that period, a problem was beginning to arise.  A few years ago,
however, one of our number came to the rescue with a novel idea; he
was a young fellow, a native of our valley, absolutely trustworthy
and in fullest sympathy with our aims; but, like all the valley
people, he was denied by nature the chance that comes more
fortunately to those from a distance.  It was he who suggested that
he should leave us, make his way to some surrounding country, and
bring us additional colleagues by a method which would have been
impossible in an earlier age.  It was in many respects a
revolutionary proposal, but we gave our consent after due
consideration.  For we must move with the times, you know, even at
Shangri-La."

"You mean that he was sent out deliberately to bring someone back
by air?"

"Well, you see, he was an exceedingly gifted and resourceful youth,
and we had great confidence in him.  It was his own idea, and we
allowed him a free hand in carrying it out.  All we knew definitely
was that the first stage of his plan included a period of tuition
at an American flying school."

"But how could he manage the rest of it?  It was only by chance
that there happened to be that aeroplane at Baskul--"

"True, my dear Conway--many things are by chance.  But it happened,
after all, to be just the chance that Talu was looking for.  Had he
not found it, there might have been another chance in a year or two--
or perhaps, of course, none at all.  I confess I was surprised
when our sentinels gave news of his descent on the plateau.  The
progress of aviation is rapid, but it had seemed likely to me that
much more time would elapse before an average machine could make
such a crossing of the mountains."

"It wasn't an average machine.  It was a rather special one, made
for mountain flying."

"Again by chance?  Our young friend was indeed fortunate.  It is a
pity that we cannot discuss the matter with him--we were all
grieved at his death.  You would have liked him, Conway."

Conway nodded slightly; he felt it very possible.  He said, after a
silence:  "But what's the idea behind it all?"

"My son, your way of asking that question gives me infinite
pleasure.  In the course of a somewhat long experience it has never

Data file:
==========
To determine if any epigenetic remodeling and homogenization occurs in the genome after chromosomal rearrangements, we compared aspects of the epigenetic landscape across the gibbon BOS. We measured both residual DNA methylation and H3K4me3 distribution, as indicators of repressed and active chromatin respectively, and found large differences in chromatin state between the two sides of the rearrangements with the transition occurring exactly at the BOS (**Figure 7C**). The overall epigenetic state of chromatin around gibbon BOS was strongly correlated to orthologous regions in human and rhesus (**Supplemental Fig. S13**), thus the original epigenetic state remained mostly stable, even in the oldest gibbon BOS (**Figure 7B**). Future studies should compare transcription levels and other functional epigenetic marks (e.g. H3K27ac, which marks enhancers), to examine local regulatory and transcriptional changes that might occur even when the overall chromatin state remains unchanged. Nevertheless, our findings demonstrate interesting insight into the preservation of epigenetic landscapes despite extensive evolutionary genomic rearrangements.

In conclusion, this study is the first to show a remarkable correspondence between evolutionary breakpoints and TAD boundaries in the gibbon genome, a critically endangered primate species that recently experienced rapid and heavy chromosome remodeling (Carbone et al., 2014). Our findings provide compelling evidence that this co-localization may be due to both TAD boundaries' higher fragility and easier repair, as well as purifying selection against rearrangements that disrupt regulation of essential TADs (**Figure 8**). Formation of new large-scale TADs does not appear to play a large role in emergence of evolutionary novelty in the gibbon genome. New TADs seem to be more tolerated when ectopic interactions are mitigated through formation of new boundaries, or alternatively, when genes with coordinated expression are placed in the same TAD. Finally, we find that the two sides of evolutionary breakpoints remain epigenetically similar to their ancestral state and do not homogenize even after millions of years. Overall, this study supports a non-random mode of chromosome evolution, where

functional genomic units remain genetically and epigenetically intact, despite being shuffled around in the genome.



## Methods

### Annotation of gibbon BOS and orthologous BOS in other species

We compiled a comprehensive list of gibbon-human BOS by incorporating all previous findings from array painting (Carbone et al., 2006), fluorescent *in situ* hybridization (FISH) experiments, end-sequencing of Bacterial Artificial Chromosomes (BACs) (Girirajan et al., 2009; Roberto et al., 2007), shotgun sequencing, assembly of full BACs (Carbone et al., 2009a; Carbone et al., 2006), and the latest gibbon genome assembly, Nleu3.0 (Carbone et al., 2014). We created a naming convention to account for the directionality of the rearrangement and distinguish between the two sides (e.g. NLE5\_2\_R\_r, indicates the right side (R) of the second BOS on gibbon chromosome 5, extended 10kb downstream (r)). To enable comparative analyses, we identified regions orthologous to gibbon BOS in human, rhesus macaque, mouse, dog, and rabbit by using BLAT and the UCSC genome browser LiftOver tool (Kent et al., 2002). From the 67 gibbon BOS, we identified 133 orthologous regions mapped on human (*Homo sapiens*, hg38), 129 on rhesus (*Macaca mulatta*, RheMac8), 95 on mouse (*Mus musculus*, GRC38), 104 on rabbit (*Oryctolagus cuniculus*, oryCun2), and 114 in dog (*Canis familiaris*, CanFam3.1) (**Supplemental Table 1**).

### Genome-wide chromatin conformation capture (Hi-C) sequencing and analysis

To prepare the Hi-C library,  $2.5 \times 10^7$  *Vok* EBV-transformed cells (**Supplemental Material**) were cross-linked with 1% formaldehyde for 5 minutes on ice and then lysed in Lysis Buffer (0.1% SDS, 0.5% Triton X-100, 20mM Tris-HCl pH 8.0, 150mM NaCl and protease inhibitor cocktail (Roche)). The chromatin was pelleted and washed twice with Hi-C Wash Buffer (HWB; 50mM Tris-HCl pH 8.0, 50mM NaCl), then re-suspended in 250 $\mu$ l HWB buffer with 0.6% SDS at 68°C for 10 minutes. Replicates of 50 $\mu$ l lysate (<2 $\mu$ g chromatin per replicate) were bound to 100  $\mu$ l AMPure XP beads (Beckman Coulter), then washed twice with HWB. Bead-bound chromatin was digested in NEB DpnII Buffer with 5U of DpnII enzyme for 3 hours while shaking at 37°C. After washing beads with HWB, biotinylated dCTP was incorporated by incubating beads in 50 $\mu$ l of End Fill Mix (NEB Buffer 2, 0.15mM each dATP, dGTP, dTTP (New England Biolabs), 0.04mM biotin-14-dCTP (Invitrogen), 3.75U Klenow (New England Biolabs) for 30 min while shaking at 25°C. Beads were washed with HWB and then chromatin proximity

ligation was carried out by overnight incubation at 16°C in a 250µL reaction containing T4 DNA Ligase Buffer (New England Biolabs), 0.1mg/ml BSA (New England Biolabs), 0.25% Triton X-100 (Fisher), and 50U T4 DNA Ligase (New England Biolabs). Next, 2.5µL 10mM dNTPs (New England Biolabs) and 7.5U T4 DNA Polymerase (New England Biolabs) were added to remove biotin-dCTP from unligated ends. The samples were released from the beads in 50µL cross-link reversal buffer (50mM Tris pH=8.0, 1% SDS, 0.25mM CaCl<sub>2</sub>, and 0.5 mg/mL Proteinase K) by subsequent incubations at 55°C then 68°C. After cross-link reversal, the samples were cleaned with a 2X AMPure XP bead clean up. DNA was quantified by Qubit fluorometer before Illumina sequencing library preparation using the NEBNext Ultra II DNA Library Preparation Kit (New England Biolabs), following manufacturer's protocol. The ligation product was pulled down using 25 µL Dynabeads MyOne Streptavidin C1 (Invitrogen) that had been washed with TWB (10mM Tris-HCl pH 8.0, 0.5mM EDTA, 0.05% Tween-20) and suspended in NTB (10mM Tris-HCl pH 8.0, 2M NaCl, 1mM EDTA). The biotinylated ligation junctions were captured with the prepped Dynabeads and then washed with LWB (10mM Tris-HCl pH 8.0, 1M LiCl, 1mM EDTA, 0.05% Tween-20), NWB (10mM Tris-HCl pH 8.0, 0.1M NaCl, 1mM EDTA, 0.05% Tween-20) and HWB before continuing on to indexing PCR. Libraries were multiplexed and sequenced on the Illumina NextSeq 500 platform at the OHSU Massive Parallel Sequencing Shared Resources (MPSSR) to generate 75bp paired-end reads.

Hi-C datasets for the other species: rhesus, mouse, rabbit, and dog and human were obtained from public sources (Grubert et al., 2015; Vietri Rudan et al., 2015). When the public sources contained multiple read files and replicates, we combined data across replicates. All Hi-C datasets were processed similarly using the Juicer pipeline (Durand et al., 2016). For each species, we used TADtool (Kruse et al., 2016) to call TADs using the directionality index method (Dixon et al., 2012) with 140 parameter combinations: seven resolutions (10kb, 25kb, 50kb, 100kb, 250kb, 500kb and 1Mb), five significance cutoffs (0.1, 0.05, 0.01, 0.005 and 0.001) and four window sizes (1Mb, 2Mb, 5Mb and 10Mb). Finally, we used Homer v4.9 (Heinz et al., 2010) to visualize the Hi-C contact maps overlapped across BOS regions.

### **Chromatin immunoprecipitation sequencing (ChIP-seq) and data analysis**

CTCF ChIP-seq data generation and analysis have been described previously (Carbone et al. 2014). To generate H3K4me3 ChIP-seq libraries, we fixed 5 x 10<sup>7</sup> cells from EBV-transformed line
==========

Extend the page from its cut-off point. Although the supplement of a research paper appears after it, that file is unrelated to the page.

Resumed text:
before been put to me in tones of such calmness.  My revelation has
been greeted in almost every conceivable manner--with indignation,
distress, fury, disbelief, and hysteria--but never until this night
with mere interest.  It is, however, an attitude that I most
cordially welcome.  Today you are interested; tomorrow you will
feel concern; eventually, it may be, I shall claim your devotion."

"That is more than I should care to promise."

"Your very doubt pleases me--it is the basis of profound and
significant faith. . . .  But let us not argue.  You are
interested, and that, from you, is much.  All I ask in addition is
that what I tell you now shall remain, for the present, unknown to
your three companions."

Conway was silent.

"The time will come when they will learn, like you, but that
moment, for their own sakes, had better not be hastened.  I am so
certain of your wisdom in this matter that I do not ask for a
promise; you will act, I know, as we both think best. . . .  Now
let me begin by sketching for you a very agreeable picture.  You
are still, I should say, a youngish man by the world's standards;
your life, as people say, lies ahead of you; in the normal course
you might expect twenty or thirty years of only slightly and
gradually diminishing activity.  By no means a cheerless prospect,
and I can hardly expect you to see it as I do--as a slender,
breathless, and far too frantic interlude.  The first quarter-
century of your life was doubtless lived under the cloud of being
too young for things, while the last quarter-century would normally
be shadowed by the still darker cloud of being too old for them;
and between those two clouds, what small and narrow sunlight
illumines a human lifetime!  But you, it may be, are destined to be
more fortunate, since by the standards of Shangri-La your sunlit
years have scarcely yet begun.  It will happen, perhaps, that
decades hence you will feel no older than you are today--you may
preserve, as Henschell did, a long and wondrous youth.  But that,
believe me, is only an early and superficial phase.  There will
come a time when you will age like others, though far more slowly,
and into a condition infinitely nobler; at eighty you may still
climb to the pass with a young man's gait, but at twice that age
you must not expect the whole marvel to have persisted.  We are not
workers of miracles; we have made no conquest of death or even of
decay.  All we have done and can sometimes do is to slacken the
tempo of this brief interval that is called life.  We do this by
methods which are as simple here as they are impossible elsewhere;
but make no mistake; the end awaits us all.

"Yet it is, nevertheless, a prospect of much charm that I unfold